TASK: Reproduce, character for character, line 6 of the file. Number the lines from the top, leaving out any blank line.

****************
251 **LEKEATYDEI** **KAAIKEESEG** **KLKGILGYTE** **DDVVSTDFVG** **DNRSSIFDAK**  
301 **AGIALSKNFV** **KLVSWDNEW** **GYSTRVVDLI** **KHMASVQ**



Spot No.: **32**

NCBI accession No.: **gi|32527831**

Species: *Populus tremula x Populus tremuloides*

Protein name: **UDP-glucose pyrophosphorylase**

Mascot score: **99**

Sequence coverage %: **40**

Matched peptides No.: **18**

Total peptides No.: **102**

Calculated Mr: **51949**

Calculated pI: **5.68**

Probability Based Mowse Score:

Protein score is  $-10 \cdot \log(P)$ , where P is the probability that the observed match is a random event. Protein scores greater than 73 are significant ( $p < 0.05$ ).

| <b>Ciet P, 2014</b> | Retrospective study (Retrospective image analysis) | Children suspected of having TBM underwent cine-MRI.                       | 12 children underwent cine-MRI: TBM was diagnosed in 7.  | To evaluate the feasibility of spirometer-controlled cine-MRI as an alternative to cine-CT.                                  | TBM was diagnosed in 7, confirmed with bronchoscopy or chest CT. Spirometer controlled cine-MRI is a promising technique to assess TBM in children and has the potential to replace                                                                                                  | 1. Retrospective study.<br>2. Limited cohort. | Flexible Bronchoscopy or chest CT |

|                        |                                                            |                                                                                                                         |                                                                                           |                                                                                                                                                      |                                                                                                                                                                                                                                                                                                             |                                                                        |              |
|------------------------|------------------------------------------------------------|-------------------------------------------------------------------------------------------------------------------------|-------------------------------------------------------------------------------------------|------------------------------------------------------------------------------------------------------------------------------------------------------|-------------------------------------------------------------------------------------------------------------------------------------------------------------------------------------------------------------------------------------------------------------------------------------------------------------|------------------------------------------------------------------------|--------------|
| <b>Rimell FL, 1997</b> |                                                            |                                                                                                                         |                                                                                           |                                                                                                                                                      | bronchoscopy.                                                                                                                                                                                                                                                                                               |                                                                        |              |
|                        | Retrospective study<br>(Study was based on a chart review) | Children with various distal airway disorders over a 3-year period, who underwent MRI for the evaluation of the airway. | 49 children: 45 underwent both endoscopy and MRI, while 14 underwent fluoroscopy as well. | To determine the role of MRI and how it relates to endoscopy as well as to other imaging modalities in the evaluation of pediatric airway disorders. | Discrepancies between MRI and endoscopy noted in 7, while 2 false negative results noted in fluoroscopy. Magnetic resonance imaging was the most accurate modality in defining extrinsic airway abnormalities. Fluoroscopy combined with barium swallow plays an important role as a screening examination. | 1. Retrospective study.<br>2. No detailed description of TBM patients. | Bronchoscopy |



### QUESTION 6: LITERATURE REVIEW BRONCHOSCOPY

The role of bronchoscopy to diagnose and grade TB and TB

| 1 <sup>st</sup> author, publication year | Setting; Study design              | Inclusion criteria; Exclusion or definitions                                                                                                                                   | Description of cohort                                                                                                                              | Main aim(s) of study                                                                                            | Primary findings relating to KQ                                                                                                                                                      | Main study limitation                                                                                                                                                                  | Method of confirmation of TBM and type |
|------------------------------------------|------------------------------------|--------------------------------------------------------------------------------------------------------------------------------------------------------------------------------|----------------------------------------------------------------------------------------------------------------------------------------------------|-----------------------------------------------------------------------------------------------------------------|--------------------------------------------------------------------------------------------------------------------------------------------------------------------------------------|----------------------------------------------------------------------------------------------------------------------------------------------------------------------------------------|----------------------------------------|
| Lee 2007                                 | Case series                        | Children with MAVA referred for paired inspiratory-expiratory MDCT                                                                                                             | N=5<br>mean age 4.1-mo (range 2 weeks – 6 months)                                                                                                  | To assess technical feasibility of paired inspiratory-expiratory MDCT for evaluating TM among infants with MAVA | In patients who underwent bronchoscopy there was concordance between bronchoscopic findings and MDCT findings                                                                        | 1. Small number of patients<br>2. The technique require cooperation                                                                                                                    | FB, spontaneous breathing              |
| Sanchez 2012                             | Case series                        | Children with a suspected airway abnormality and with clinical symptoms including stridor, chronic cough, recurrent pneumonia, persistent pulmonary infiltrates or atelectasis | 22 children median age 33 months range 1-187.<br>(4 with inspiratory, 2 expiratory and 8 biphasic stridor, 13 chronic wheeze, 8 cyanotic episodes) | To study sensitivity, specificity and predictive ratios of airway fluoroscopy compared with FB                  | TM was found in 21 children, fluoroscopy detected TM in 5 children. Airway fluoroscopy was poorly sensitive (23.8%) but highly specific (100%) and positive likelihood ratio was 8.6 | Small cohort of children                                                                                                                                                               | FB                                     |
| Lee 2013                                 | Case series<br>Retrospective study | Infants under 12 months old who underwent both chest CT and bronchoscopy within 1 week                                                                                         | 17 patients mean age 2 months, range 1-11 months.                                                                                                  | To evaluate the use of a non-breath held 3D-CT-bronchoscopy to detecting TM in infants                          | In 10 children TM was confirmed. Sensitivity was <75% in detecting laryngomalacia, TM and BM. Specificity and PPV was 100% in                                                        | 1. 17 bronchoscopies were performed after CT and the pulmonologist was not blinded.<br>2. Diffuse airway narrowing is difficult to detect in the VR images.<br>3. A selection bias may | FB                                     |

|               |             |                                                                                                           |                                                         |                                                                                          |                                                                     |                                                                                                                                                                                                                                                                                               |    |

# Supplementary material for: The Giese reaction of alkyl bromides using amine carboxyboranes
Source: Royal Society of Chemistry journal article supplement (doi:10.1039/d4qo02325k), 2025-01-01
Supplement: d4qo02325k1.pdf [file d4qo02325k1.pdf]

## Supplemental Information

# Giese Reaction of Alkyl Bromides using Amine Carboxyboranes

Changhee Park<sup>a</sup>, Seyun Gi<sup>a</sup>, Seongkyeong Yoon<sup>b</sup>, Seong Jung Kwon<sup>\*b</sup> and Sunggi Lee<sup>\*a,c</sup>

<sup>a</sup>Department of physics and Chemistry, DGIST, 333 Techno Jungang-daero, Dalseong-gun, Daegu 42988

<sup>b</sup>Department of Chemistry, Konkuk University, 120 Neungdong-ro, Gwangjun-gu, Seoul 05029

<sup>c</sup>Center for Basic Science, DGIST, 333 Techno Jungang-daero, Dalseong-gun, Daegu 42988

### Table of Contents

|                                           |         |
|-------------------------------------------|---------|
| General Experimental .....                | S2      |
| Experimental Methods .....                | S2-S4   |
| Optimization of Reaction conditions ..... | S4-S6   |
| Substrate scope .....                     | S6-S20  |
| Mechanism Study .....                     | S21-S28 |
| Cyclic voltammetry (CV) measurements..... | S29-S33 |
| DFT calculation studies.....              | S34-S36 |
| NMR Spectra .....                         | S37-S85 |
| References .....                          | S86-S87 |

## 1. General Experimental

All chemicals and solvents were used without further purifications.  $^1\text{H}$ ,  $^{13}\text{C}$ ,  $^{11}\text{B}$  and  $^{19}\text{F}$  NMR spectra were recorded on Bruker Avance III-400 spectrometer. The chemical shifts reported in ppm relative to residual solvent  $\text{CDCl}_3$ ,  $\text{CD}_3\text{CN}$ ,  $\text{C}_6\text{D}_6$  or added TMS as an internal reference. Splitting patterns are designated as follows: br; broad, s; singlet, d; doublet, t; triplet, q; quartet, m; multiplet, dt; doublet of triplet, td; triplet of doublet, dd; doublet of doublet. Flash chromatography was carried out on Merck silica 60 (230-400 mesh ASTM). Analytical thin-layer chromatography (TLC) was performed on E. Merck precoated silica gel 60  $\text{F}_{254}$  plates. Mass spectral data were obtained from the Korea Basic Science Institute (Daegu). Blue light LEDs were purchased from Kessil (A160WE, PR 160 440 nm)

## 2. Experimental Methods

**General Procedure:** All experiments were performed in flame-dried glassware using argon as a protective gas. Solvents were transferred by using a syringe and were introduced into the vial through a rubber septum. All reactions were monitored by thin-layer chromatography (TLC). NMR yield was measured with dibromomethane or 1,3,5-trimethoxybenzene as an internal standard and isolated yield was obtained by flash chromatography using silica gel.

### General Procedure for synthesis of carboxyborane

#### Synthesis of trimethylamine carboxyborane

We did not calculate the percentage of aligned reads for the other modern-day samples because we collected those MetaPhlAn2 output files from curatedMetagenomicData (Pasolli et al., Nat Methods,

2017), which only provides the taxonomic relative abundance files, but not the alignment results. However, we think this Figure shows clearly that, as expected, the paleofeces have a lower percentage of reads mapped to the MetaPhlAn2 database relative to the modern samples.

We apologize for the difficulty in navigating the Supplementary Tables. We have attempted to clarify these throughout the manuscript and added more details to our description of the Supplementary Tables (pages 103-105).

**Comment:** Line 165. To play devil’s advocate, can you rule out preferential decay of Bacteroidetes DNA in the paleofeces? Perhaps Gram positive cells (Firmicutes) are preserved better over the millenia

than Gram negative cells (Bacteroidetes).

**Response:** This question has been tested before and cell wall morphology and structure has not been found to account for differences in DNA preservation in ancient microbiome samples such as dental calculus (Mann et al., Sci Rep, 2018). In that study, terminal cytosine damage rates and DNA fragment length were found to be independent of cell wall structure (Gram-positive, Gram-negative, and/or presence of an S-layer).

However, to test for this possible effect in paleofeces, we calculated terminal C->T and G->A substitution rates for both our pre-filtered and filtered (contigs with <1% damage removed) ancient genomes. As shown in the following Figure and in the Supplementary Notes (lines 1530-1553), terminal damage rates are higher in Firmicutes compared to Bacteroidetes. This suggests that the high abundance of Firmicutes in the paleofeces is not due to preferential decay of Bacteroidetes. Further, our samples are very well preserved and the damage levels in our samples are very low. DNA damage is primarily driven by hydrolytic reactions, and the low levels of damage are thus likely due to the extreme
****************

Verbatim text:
Protein name: **UDP-glucose pyrophosphorylase**